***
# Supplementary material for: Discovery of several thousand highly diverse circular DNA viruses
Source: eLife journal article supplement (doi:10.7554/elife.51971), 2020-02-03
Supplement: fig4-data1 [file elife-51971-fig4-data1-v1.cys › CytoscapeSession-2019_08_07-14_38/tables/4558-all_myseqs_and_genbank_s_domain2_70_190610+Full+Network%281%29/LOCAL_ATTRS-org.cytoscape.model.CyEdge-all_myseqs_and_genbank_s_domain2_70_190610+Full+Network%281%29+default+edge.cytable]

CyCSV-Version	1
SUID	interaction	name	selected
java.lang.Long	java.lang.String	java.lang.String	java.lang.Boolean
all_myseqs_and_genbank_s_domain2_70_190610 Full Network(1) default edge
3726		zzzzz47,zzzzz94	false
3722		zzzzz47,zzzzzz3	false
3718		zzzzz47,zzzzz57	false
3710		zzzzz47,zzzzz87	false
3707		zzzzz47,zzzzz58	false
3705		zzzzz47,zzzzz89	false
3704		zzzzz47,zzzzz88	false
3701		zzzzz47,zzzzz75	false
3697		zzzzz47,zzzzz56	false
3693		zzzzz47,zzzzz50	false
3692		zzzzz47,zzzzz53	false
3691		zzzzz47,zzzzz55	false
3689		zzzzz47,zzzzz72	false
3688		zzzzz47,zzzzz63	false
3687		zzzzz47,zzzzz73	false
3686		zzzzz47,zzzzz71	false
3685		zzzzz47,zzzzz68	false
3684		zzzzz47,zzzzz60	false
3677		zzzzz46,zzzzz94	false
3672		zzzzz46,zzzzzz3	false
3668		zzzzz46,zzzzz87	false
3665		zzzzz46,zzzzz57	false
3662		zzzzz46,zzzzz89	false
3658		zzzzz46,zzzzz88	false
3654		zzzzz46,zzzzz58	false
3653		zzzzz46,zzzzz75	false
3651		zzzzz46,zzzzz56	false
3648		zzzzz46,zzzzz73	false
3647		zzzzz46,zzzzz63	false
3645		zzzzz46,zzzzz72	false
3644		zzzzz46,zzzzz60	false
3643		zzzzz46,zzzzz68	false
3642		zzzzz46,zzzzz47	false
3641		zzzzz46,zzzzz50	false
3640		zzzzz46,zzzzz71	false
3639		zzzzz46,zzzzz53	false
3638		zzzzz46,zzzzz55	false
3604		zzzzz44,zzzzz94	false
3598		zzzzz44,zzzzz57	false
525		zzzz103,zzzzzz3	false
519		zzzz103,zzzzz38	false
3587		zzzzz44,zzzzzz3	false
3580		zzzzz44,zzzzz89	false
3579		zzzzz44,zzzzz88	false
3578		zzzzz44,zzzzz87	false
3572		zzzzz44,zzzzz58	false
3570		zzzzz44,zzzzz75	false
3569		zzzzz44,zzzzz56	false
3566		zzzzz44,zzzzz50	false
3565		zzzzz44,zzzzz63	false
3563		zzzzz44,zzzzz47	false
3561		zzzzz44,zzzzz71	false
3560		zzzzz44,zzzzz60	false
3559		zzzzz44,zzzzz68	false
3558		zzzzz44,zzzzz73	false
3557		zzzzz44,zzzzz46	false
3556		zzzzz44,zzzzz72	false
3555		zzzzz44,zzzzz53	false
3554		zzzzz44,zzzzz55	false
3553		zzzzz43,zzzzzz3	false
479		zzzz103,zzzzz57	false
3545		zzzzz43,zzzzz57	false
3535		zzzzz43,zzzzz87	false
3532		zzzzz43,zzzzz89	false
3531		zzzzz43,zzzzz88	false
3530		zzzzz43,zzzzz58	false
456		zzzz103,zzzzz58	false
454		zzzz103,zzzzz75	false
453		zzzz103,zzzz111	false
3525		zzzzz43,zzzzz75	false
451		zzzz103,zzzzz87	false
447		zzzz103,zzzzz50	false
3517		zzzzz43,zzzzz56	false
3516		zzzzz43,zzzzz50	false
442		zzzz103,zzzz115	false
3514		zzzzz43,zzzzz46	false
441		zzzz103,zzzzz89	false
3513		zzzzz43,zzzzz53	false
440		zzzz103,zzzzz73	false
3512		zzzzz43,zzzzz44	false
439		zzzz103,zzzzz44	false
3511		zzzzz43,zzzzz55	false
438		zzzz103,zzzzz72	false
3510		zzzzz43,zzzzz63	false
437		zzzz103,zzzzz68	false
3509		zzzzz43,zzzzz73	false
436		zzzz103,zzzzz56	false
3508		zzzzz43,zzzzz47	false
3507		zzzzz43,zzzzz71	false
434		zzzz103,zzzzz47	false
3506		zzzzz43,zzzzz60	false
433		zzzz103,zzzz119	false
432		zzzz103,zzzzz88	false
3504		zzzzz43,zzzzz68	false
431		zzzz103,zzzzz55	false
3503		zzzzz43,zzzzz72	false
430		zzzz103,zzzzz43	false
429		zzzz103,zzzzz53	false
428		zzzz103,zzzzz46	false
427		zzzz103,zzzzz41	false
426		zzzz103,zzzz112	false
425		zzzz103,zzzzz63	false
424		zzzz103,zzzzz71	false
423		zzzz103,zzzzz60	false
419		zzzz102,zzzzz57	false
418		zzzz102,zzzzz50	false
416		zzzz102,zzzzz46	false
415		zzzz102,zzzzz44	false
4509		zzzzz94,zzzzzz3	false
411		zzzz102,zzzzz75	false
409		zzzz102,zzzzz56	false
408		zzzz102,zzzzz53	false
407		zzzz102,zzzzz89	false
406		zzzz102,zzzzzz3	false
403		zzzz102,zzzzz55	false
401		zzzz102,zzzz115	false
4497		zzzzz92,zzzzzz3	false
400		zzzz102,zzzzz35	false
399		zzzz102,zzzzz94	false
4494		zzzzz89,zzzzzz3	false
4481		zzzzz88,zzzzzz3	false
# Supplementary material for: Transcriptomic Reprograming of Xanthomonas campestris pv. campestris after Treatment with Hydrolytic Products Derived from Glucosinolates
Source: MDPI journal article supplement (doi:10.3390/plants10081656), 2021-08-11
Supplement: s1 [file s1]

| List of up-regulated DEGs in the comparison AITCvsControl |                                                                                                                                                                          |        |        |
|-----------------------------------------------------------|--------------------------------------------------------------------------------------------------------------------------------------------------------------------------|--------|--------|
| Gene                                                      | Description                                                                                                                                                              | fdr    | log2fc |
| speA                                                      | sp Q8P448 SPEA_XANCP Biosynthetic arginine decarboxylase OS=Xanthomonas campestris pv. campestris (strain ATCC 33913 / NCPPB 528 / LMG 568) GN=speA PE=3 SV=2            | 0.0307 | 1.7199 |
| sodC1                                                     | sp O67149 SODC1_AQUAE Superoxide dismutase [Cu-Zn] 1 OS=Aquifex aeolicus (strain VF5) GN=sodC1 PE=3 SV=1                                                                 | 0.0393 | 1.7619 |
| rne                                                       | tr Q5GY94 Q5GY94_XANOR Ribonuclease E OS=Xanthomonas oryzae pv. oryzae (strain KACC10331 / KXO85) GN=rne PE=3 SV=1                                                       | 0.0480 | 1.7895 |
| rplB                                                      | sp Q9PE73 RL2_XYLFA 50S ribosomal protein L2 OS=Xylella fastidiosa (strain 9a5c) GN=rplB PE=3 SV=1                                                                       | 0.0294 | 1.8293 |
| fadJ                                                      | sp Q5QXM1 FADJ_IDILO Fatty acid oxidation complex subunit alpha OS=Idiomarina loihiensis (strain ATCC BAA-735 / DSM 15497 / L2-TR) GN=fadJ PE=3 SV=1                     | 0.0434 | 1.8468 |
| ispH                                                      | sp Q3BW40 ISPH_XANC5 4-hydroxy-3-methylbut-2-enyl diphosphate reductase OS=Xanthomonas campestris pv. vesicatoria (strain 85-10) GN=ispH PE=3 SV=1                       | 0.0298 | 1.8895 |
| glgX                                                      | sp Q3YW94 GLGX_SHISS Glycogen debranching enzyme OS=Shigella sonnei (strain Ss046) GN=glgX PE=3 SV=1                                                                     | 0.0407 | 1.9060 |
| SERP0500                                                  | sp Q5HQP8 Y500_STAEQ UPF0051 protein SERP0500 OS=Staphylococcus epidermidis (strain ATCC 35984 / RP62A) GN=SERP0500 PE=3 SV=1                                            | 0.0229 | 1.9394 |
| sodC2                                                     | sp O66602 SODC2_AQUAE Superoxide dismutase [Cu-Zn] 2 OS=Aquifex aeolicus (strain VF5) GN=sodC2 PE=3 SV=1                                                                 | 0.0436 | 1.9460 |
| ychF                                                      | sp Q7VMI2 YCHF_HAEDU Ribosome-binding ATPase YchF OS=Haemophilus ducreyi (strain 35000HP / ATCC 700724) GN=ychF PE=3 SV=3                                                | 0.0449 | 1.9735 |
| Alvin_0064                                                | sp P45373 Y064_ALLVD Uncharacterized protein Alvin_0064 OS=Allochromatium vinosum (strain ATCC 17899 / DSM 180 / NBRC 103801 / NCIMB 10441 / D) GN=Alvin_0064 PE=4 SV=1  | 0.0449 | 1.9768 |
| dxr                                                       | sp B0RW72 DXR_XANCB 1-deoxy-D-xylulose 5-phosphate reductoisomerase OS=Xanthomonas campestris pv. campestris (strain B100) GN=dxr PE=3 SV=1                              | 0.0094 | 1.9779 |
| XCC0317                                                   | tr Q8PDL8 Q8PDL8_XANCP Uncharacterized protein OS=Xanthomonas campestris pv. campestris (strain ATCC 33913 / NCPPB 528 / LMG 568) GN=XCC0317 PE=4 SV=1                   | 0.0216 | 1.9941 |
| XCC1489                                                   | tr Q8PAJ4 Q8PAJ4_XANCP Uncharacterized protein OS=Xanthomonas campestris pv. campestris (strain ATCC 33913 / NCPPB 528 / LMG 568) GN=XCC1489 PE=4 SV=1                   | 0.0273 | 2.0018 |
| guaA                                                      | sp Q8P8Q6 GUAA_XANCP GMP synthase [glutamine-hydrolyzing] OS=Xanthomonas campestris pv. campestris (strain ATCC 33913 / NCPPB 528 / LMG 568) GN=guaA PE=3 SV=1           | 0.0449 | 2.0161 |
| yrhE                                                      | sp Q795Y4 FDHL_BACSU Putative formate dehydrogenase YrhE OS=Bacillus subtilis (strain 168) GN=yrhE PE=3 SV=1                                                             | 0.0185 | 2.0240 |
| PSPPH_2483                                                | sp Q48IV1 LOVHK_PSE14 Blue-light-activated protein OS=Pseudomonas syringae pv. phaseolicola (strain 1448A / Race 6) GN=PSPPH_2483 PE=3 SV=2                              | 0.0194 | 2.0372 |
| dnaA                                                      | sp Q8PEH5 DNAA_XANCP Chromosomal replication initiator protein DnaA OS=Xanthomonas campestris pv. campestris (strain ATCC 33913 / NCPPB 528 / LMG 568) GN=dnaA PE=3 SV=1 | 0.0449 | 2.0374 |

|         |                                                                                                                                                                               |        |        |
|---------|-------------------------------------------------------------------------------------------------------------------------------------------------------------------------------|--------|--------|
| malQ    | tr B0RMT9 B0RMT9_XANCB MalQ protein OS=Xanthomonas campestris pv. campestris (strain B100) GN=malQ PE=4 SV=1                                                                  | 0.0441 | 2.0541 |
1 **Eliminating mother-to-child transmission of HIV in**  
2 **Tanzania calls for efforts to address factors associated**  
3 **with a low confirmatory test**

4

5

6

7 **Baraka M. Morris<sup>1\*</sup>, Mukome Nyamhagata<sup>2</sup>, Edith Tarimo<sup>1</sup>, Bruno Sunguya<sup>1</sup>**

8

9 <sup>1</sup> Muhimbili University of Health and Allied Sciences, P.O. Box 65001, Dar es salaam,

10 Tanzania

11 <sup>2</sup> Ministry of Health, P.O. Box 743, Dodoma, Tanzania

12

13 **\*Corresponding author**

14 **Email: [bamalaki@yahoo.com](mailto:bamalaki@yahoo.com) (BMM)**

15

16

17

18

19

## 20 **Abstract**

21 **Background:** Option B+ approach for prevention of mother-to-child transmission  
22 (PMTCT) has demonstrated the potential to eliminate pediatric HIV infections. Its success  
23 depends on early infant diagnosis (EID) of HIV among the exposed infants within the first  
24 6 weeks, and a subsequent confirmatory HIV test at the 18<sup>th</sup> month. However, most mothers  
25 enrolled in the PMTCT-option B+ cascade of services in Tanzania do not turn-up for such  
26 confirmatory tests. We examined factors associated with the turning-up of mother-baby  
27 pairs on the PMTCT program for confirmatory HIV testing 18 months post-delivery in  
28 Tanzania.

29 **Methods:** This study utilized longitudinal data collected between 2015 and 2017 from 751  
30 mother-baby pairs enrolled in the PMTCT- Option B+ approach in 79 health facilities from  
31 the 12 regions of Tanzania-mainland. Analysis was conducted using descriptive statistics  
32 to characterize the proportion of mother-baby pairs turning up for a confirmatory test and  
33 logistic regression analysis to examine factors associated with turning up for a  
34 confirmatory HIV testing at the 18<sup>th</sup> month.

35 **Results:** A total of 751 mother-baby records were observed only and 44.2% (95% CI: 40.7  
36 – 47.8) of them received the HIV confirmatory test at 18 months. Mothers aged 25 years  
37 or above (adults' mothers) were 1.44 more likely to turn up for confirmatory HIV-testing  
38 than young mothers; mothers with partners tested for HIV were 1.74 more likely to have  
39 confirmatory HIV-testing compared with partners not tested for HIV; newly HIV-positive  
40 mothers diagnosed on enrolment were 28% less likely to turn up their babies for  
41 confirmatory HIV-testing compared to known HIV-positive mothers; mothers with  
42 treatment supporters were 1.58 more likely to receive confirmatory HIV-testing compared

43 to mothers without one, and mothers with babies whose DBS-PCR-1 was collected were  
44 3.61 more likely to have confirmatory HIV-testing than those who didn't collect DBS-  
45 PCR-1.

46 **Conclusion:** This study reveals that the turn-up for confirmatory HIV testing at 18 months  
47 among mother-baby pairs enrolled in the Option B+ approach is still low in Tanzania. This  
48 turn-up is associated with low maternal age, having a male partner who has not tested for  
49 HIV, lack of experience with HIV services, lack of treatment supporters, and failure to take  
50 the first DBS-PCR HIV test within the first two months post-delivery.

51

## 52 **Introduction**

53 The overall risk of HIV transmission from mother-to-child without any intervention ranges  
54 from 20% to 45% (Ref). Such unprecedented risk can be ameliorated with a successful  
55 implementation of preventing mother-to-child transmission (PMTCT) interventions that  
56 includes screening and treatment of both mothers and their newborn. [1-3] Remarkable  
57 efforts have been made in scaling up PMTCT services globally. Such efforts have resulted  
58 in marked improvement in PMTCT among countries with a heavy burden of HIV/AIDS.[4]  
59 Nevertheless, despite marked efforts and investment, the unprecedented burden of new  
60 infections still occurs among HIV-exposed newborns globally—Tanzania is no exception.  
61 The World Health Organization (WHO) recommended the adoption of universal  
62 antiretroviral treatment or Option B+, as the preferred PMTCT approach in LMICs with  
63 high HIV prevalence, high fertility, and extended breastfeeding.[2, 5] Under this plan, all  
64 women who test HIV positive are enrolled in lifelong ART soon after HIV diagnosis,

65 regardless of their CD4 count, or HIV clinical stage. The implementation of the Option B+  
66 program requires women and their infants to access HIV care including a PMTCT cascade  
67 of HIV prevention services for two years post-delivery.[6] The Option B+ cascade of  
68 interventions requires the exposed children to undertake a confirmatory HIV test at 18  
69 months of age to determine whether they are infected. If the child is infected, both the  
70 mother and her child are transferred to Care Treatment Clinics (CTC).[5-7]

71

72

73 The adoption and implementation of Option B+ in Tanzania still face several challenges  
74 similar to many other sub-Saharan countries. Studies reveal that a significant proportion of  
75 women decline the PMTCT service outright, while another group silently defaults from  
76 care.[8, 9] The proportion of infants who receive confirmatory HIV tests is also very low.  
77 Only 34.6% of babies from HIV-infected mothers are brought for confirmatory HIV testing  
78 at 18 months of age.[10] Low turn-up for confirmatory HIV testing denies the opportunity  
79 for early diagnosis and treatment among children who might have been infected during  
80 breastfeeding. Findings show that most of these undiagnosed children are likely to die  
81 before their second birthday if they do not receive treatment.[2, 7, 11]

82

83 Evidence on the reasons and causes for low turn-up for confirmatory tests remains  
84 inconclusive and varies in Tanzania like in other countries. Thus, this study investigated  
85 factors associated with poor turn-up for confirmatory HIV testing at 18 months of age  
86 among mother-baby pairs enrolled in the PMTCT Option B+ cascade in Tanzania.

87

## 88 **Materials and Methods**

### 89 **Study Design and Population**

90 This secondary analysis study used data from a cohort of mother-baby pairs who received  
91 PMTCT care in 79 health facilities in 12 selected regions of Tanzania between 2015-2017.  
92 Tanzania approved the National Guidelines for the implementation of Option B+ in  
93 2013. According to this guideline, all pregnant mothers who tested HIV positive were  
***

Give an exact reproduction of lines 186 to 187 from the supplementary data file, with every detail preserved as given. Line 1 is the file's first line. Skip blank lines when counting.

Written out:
31 the 12 regions of Tanzania-mainland. Analysis was conducted using descriptive statistics  
32 to characterize the proportion of mother-baby pairs turning up for a confirmatory test and  